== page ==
Shamanna is crewed by up to 26 people during regatta racing
While getting the boat just right is crucial, the owner stresses that finding the ideal team is key. “The one thing about yacht ownership I wish everyone could know is that having the right crew is more important than having the right boat,” he says. “Life is all about people, especially when it comes to yachting.”
Consideration for his crew is why their quarters have the same finishes as those in the owner’s areas. It’s also why the atmosphere on board Shamanna often takes on a familial feel. Not only will some of the owner’s friends join for long legs and ocean voyages, but so will his captain and crew’s family and friends. On a recent delivery to the Canary Islands, Calascione’s father and brothers came along.
“To make up for being away from home, all our deliveries and races are with family members only,” he says. “The reason is they are fantastic sailors — not just because they’re family. It’s just a lucky bonus.”
Shamanna was commissioned by a repeat Scandinavian client
Shamanna normally runs with a crew of five but during races that can swell to 26. Though she’s predominantly a cruising boat, Shamanna has racing chops should the mood strike. “I love racing, especially offshore racing, and plan to do three to four races per year,” the owner says. “To be together with a lovely crew, family and friends — either cruising or racing — is the highlight in life.”
Shamanna beat the more racing-attuned Highland Fling 15 on handicap during the 2016 Swan World Cup and will try her luck next at the Caribbean 600. “Shamanna has been very successful during her first summer season, both cruising as well as racing in the Swan Cup against her racing-oriented sister,” says Frers.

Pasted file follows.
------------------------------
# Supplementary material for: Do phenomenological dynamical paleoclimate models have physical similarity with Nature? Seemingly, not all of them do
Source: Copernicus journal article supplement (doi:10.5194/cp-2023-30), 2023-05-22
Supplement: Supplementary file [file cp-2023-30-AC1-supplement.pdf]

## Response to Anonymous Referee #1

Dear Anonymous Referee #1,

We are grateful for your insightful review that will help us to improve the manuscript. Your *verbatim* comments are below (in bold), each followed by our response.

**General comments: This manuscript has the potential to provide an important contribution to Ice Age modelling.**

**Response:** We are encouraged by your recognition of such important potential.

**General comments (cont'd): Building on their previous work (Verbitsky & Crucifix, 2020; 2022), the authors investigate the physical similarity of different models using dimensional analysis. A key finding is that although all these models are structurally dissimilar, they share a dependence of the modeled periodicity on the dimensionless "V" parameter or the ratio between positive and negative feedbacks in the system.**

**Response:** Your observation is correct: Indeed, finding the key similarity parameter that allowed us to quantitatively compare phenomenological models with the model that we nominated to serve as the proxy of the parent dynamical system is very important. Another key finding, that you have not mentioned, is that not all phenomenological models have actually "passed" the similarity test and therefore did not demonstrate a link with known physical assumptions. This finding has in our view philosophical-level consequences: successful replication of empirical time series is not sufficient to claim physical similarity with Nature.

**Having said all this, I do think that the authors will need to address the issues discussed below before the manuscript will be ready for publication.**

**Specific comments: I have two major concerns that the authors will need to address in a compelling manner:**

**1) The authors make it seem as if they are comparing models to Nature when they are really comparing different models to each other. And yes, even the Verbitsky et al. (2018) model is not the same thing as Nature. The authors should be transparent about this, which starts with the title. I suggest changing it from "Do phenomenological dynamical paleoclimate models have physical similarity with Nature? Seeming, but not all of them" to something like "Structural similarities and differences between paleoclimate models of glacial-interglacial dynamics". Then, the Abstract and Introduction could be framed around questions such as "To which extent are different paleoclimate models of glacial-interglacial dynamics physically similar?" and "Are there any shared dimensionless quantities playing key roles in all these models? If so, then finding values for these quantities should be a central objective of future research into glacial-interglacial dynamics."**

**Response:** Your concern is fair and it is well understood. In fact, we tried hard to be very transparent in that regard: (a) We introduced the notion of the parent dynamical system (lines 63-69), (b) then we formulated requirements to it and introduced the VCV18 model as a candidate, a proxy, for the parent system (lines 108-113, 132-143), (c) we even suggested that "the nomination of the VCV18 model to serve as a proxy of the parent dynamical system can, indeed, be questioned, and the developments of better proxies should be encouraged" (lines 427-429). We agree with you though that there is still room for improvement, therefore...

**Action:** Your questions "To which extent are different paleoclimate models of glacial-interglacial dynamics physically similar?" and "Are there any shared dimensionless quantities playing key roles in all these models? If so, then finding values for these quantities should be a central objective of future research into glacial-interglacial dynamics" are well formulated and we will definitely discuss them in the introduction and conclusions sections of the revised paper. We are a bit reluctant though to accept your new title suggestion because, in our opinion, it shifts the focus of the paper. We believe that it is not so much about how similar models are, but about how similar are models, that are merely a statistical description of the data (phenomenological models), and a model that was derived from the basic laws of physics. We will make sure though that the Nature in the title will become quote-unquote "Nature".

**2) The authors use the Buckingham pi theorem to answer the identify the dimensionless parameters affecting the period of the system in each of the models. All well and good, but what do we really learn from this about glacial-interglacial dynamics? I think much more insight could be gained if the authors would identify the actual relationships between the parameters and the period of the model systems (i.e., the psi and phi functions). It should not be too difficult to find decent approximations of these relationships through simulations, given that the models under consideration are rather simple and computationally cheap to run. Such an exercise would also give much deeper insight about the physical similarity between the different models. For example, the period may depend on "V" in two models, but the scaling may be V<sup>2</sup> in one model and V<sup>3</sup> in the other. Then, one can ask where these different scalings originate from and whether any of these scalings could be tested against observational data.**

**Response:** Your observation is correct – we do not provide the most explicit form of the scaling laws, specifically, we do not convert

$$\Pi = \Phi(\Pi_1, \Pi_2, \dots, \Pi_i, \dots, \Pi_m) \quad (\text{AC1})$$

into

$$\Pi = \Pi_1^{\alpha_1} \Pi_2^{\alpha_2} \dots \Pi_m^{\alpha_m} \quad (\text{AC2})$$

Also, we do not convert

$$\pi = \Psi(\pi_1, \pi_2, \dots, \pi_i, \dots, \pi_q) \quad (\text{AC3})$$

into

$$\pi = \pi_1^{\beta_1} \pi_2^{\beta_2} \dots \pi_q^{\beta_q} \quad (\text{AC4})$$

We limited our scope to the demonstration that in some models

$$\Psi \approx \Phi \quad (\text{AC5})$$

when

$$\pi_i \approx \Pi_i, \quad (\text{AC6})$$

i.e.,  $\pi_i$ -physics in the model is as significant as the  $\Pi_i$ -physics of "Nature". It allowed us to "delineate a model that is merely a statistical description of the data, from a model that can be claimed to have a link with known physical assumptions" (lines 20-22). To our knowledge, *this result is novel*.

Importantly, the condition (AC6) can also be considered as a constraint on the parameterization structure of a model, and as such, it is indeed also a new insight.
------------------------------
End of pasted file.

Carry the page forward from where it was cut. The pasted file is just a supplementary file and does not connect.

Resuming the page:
The 115 FD is the midway point between the cruising-friendly 115 S Solleone, launched for Swan chairman Leonardo Ferragamo, and Highland Fling 15, belonging to regatta regular Lord Irvine Laidlaw.
Solleone is most similar to Shamanna in weight but has a completely different layout, with the master set aft, while Highland Fling 15 is fine-tuned to meet a racing brief. Shamanna is designed to be a jack of all trades — racing capable, but still very fleshed out and comfortable.
Shamanna can be used for both long-range cruising and regatta racing
Hull No 4 of the Swan 115 line is in the works, a high-performance and highly secretive project, and Swan is also developing the first 115 RS, featuring a raised saloon that will boast 360 degree views from below and a fixed bimini top on the cockpit.
Shamanna’s cockpit is a true transformer, with a pop-up spray hood built into the coach roof and an awning system that attaches to the side of the boom to unfurl and offer complete shade. The cockpit has a close connection to the water, an intention of the design, as Frers tells it:
“It was an important requirement from the owner to maintain the deck cockpit areas [feeling] close to the sea and to have easy access to the water.” It’s a comfortable spot to sit and enjoy the rush of wind as she easily makes 13 knots reaching in 15 to 20 knots of wind.
Shamanna proved impressive on a day with big swells and blustery winds. There was never a sensation of slamming into an oncoming wave and, as she sailed, the pure quiet of engines-off was disturbed only by the whirr of the hydraulic winches. There’s a minimum array of gear, a hallmark of Frers’ designs.
Shamanna features a carbonfibre mast
The sailplan of choice was an easy-to-handle roller furling jib and pin mainsail, with a fixed backstay and Park Avenue boom arrangement. With a plumb bow and broad stern, the 115 was designed by Frers with stable, sprightly performance in mind. Twin rudders make her highly responsive.
It’s easy to see why her owner trusts her sailing across the Atlantic. Shamanna has already had a summer season of racing, cruising and working out any teething problems. On the autumnal 10-day transatlantic crossing, she was put to the test further, and her owner had the chance to detox from the real world more deeply.
That’s 10 days when the focus reverted to the basic needs of food, sleep, relaxing with a good book, connecting with Mother Ocean, and gazing off at that distant horizon.
First published in the February 2017 edition of Boat International